Michael L Roach
For much of its existence the Great Western Railway used post and wire fencing to mark its boundary and keep out people and animals. The wire would have been bought in from a supplier but the wooden fence posts were made in house from second-hand timber sleepers. The sleepers were cut in half longitudinally and mitred at one end. The fence had the advantage of being easy to erect and individual wires and posts could be replaced as necessary.
In the 1930s the GWR started experimenting with precast concrete fence posts instead of timber, and this type later became the standard fence posts after nationalisation. British Railways erected millions of concrete fence posts in the 1950s and 1960s and timber posts gradually disappeared from the railway scene. However Great Western timber post and wire fencing can still be found in a few places mostly on disused railway lines. In the attached photos we see a typical Great Western post and wire fence still extant in 2015 on the approach to a bridge over a main line.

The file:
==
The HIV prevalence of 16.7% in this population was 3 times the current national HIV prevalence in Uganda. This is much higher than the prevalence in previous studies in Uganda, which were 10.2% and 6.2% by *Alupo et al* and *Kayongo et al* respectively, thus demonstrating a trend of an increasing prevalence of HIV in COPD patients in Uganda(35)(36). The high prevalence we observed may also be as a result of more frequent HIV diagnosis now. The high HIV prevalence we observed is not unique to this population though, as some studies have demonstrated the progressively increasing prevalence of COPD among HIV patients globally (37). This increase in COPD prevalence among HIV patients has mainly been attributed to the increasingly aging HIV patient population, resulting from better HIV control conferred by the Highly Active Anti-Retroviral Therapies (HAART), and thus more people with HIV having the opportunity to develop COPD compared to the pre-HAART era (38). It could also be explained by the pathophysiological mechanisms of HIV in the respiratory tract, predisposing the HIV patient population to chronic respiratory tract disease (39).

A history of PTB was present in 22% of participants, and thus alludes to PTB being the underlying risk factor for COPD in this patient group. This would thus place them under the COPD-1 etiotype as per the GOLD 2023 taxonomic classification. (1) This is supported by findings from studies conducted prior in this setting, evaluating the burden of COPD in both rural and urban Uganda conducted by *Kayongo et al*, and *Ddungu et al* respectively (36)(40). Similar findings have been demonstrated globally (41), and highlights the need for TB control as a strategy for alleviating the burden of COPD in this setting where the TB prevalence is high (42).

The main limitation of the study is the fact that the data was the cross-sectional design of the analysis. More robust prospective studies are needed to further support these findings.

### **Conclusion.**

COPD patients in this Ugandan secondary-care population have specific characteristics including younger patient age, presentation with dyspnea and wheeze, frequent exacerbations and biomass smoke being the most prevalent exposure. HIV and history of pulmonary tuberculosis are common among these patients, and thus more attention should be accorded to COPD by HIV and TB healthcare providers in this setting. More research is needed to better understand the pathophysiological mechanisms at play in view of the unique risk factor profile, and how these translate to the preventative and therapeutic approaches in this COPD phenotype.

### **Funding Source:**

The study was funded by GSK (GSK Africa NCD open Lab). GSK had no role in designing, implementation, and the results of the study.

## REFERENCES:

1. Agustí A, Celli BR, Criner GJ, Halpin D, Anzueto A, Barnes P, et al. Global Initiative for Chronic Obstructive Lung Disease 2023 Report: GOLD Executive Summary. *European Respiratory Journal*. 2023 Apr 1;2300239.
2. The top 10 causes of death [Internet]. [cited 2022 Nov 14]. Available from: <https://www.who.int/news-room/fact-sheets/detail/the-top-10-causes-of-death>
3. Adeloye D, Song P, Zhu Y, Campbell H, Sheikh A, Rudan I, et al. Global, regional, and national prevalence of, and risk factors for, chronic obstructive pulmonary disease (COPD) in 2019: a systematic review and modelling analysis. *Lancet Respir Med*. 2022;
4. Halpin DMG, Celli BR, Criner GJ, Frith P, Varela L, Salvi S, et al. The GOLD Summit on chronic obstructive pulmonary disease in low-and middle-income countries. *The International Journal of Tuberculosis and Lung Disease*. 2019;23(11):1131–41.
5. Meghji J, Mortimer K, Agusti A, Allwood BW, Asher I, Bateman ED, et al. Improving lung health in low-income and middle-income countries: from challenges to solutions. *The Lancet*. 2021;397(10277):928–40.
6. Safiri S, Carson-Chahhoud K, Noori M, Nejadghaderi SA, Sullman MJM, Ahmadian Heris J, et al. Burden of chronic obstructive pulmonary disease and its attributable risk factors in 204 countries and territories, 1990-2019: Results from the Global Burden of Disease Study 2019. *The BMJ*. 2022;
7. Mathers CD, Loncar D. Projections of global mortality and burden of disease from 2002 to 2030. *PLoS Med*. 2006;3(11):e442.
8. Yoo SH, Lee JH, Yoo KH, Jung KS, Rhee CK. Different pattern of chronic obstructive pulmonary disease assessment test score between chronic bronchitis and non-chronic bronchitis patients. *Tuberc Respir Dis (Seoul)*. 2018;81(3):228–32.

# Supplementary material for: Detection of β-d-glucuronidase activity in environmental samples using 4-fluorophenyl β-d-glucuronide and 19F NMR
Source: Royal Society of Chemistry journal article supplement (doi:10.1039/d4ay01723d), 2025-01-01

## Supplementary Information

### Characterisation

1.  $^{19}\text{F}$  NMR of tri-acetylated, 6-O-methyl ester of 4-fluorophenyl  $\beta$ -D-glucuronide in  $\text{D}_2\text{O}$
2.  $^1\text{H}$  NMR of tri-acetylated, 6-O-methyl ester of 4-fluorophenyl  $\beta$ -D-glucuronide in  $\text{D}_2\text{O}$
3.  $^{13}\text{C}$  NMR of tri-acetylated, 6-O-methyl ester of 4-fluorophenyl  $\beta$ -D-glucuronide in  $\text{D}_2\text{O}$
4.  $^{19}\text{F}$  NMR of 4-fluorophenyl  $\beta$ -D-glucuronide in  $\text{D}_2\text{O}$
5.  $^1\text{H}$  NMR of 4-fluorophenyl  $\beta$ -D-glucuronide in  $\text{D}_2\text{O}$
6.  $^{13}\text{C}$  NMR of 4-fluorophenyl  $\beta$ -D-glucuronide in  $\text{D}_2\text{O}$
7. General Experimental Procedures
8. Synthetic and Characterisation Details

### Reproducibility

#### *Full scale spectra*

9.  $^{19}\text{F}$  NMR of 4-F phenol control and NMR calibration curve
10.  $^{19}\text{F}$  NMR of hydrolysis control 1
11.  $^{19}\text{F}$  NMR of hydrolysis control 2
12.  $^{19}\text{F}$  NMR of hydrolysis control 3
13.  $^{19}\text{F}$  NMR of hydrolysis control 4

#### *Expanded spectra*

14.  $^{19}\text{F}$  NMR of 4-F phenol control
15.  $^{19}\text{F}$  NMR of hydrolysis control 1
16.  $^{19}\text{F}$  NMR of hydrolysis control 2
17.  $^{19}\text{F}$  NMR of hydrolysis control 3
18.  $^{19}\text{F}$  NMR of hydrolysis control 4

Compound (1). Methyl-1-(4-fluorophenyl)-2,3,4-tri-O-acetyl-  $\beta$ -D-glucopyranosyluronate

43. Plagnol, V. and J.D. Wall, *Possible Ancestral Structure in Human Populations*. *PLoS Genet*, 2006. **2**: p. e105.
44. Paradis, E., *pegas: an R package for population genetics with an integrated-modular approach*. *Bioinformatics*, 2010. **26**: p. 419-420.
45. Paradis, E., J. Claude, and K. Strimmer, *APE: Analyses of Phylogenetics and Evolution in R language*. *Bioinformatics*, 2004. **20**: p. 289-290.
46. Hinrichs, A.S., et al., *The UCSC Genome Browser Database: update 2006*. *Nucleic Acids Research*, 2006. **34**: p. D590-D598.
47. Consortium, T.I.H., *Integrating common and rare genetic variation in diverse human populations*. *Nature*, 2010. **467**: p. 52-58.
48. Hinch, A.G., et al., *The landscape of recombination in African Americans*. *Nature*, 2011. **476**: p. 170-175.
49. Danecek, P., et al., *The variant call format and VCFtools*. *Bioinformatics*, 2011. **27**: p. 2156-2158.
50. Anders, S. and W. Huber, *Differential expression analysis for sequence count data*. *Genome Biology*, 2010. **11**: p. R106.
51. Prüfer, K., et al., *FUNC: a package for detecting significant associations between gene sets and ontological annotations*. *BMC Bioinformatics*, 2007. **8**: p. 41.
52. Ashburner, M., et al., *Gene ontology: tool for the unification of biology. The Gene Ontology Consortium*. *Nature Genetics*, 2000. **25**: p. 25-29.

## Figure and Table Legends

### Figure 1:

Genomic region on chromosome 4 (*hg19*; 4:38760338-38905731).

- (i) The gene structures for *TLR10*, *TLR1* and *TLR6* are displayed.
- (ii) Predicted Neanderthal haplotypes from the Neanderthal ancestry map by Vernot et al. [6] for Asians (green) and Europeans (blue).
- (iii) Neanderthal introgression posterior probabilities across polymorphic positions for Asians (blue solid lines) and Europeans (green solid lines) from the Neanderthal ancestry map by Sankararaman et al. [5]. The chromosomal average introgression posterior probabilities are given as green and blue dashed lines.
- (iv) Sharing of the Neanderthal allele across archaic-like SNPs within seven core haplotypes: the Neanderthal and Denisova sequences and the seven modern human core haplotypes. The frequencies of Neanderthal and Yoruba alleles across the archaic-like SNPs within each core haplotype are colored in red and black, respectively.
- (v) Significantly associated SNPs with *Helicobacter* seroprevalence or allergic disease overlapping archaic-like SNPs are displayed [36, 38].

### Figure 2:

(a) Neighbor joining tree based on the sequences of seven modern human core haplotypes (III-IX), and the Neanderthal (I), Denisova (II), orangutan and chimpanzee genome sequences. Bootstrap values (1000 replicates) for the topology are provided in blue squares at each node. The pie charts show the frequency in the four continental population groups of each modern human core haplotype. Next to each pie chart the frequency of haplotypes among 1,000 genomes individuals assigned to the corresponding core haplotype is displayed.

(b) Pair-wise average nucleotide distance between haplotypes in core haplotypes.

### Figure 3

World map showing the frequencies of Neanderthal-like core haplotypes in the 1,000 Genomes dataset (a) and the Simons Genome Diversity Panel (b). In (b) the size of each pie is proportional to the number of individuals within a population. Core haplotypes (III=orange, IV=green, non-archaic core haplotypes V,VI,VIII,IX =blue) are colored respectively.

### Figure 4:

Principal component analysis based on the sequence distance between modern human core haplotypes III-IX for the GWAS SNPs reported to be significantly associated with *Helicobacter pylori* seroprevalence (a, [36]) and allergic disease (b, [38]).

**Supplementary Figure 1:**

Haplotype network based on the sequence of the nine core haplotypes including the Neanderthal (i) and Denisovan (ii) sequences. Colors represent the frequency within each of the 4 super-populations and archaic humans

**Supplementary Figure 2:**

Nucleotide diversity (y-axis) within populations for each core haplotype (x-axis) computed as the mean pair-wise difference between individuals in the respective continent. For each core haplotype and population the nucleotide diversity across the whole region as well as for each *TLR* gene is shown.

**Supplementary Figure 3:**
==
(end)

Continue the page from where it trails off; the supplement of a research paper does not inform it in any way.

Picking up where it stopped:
Hope all is well, Kind regards, Paul Barlow
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Cowley Bridge 15 July 2020
20 July 1981 33 UKF fertilizer Lapford Cowley Bridge Junction
Andrew and Diane Jones
Many thanks Andrew and Diane.